Man Makes Breakthrough In 18-Month-Old Sudoku

Funny story written by Monkey Woods

Monday, 25 January 2021

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Some of the gigantic, pointless waste of time and effort

There were celebrations in one household this afternoon, when a man who started a Sudoku puzzle from the newspaper nearly 18 months ago but stopped trying to complete it when it became rather too difficult, made a chance inroad which may, ultimately, lead to its solution.

Moys Kenwood, 57, began the giant 5×5 puzzle published in the Hull Daily Mail on the 29th August 2019, at his mother's home in Hull, England, but struggled from the start.

Each of the 25 large squares contain 25 cells, and must be completed using the letters K to Z, and the numbers 1 to 9. Instead of the regular 81 Sudoku cells, the giant puzzle requires 625 cells to be filled.

Kenwood pored over the grid for hours, days, weeks, and months, until he was sure he wouldn't be able to progress any further, and put it with some other papers in a storage box. On Sunday, however, searching for something in the box, he spied the Sudoku, and decided to give it another shot.

The breakthrough came almost immediately, as, looking at Square 17, he saw that letter Z could ONLY be entered into cell number (reading from top to bottom, left to right), because vertically, Square 2 already had a Z in column 2, Square 7 already had a Z in column 1, Square 12 already had a Z in column 3, and Square 22 already had a Z in column 5. This meant that the Z in Square 17 had to be in column 4!

At this point in time, the number 4 in cell number 14 of Square 17 had not yet been entered, and so the column 4 cell numbers 14, 19, and 24 were empty. Z had to go in one of those!

It couldn't go in cell number 14, in row3, because there was already a Z in row 3, in Square 16 (in cell number 12, for those interested), and it couldn't go in cell number 19, in row 4, because there was already a Z in row 4, in Square 19 (in cell number 20), so the only cell left for it to go into in row 4 of Square 17 was cell number 24!

Kenwood was overjoyed!

With this discovery, and because there was already a Z in row 1 of Square 20 (cell number 4), another in row 4 of Square 19 (cell number 20), one in row 2 of Square 18 (cell number 8), and the newly-discovered Z in row 5 of Square 17 (cell number 24, remember?), the Z in Square 16 had to be in row 3!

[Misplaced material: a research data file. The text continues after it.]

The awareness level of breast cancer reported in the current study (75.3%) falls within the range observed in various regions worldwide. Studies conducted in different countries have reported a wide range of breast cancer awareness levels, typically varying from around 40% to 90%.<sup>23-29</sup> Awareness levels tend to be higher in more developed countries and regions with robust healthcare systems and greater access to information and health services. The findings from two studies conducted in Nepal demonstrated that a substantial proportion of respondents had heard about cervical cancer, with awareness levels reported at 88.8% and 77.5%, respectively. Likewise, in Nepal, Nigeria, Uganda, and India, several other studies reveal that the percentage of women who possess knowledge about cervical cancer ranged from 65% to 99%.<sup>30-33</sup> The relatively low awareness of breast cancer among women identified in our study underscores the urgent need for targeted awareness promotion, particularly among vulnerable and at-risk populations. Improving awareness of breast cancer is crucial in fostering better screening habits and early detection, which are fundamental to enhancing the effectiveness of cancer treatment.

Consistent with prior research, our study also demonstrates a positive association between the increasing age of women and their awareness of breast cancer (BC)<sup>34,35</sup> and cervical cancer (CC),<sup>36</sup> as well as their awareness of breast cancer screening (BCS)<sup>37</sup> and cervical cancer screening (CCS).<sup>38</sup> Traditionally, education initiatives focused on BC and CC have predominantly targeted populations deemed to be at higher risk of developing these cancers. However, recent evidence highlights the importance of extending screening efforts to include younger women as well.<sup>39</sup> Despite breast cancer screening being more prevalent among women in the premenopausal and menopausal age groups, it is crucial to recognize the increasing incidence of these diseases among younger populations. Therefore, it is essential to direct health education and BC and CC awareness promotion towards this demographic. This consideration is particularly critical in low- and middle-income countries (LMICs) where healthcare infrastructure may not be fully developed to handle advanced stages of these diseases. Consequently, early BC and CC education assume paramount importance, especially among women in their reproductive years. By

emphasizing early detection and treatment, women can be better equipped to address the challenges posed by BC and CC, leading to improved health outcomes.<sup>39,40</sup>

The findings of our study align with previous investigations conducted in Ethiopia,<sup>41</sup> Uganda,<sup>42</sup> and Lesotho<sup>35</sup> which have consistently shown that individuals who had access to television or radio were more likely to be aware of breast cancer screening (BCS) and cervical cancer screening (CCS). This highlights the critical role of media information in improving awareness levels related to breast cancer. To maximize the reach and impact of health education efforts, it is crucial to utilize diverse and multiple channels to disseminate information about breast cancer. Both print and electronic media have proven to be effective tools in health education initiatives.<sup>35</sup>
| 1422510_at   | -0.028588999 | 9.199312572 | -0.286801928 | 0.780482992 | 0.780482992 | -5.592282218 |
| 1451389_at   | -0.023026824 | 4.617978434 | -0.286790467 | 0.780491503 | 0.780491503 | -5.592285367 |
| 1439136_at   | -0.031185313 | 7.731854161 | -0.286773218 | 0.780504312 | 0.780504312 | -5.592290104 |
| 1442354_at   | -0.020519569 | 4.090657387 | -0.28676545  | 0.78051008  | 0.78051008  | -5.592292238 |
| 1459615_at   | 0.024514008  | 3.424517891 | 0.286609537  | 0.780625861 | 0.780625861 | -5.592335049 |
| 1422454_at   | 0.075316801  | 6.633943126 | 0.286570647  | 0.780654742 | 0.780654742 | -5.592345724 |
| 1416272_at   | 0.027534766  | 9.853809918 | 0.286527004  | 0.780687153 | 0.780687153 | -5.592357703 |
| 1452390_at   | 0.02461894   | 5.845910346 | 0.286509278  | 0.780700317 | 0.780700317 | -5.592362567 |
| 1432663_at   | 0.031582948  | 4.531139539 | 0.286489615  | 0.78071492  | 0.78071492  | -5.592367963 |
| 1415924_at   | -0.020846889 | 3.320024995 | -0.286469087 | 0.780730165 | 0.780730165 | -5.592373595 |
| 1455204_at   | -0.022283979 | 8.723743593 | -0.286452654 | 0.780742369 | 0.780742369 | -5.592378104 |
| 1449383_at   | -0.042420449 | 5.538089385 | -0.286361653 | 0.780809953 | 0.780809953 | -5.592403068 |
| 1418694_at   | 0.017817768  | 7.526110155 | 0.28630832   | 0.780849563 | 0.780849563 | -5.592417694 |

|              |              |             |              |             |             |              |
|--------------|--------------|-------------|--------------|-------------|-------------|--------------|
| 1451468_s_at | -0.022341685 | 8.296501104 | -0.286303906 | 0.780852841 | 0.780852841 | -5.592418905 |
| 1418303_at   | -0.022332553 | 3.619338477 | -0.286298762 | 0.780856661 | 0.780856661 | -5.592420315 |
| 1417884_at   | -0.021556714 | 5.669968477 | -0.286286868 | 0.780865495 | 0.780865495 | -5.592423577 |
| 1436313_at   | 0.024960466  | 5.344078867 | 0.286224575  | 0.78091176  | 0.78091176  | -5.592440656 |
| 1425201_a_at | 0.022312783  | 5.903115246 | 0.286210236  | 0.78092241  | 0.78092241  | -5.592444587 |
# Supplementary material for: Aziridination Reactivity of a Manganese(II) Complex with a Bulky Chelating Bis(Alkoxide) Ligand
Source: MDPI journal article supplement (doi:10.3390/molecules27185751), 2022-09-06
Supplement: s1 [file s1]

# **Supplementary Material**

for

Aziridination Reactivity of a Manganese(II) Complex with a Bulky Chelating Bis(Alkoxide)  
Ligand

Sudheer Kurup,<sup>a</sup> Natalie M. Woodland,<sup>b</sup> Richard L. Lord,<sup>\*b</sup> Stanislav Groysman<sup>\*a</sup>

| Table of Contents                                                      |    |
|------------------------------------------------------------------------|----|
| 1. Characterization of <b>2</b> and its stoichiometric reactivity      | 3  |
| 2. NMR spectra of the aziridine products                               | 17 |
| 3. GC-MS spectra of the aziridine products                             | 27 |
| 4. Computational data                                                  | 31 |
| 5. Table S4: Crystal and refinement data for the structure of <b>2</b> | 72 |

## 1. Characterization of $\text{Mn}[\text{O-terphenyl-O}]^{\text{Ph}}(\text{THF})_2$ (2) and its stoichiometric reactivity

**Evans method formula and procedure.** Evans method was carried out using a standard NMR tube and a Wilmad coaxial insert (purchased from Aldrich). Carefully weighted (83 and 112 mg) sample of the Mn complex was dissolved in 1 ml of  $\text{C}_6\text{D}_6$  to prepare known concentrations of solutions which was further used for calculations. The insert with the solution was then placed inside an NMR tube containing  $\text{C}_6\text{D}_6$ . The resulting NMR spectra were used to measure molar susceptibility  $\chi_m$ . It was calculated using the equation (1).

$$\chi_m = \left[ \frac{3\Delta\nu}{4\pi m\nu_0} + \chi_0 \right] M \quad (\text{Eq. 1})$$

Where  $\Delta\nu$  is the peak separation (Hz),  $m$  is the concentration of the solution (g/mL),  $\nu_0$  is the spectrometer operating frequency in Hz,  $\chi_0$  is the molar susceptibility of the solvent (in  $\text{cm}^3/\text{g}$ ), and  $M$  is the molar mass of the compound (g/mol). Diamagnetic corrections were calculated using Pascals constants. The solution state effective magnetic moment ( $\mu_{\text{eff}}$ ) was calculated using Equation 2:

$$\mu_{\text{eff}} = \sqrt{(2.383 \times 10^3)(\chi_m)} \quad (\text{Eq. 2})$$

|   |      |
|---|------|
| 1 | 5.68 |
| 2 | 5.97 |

Row 3 of Square 16 then had two empty spaces: in column 2 and column 5 - cell numbers 12 and 15 respectively. However, looking up, Kenwood could see that, in Square 6, row 5, in cell number 10, there was already a Z! This meant that Square 16's Z had to be in row 3 column 2 - cell number 12!

He carefully wrote it in. Now he was on a roll.

Vertically, Square 1 had a Z in column 3, at cell number 8; Square 6 had a Z in column 5, at cell number 10; Square 16 now had its Z in column 2, at cell number 12. This left either column 1 or column 4.

Square 21, at the bottom left corner, could not have Z in column 4, because of other Zs on row 2 in Square 22, and on row 3 in Square 24. This meant that Square 21's Z had to be in column 1, and that of Square 11 had to be in column 4.

It was getting exciting!

There were two empty spaces on column 4 - the cells at cell number 4, on row 1, and at cell number 24, on row 5. Looking to the right, Kenwood saw that Square 12, next door, already had a Z on row 5, in cell number 23, and this settled it! The Z in Square 11 had to be in row 1, at cell number 4!

Now he was cooking!

His eyes fell upon the number 5 in Square 2, in column 1. Looking vertically, Square 7 had a 5 in column 5, Square 12 had a 5 in column 3, and Square Square 22 had one in column 2. That meant the number 5 in Square 17 had to be in column 4. In that column, there were two free spaces, in row 1, at cell number 4, and in row 4 at cell number 19. Further aling that row, in Square 18, there was already a 5, so Square 17's number 5 had to go in row 1, at cell number 4.

Two more discoveries followed: a Y in Square 17's cell number 3, and an S in Square 20, at cell number 20.

Said Kenwood:

"It's not everybody's 'cup of tea', but I like Sudoku, and it's true what they say about patience and persistence."

The funny story above is a satire or parody. It is entirely fictitious.

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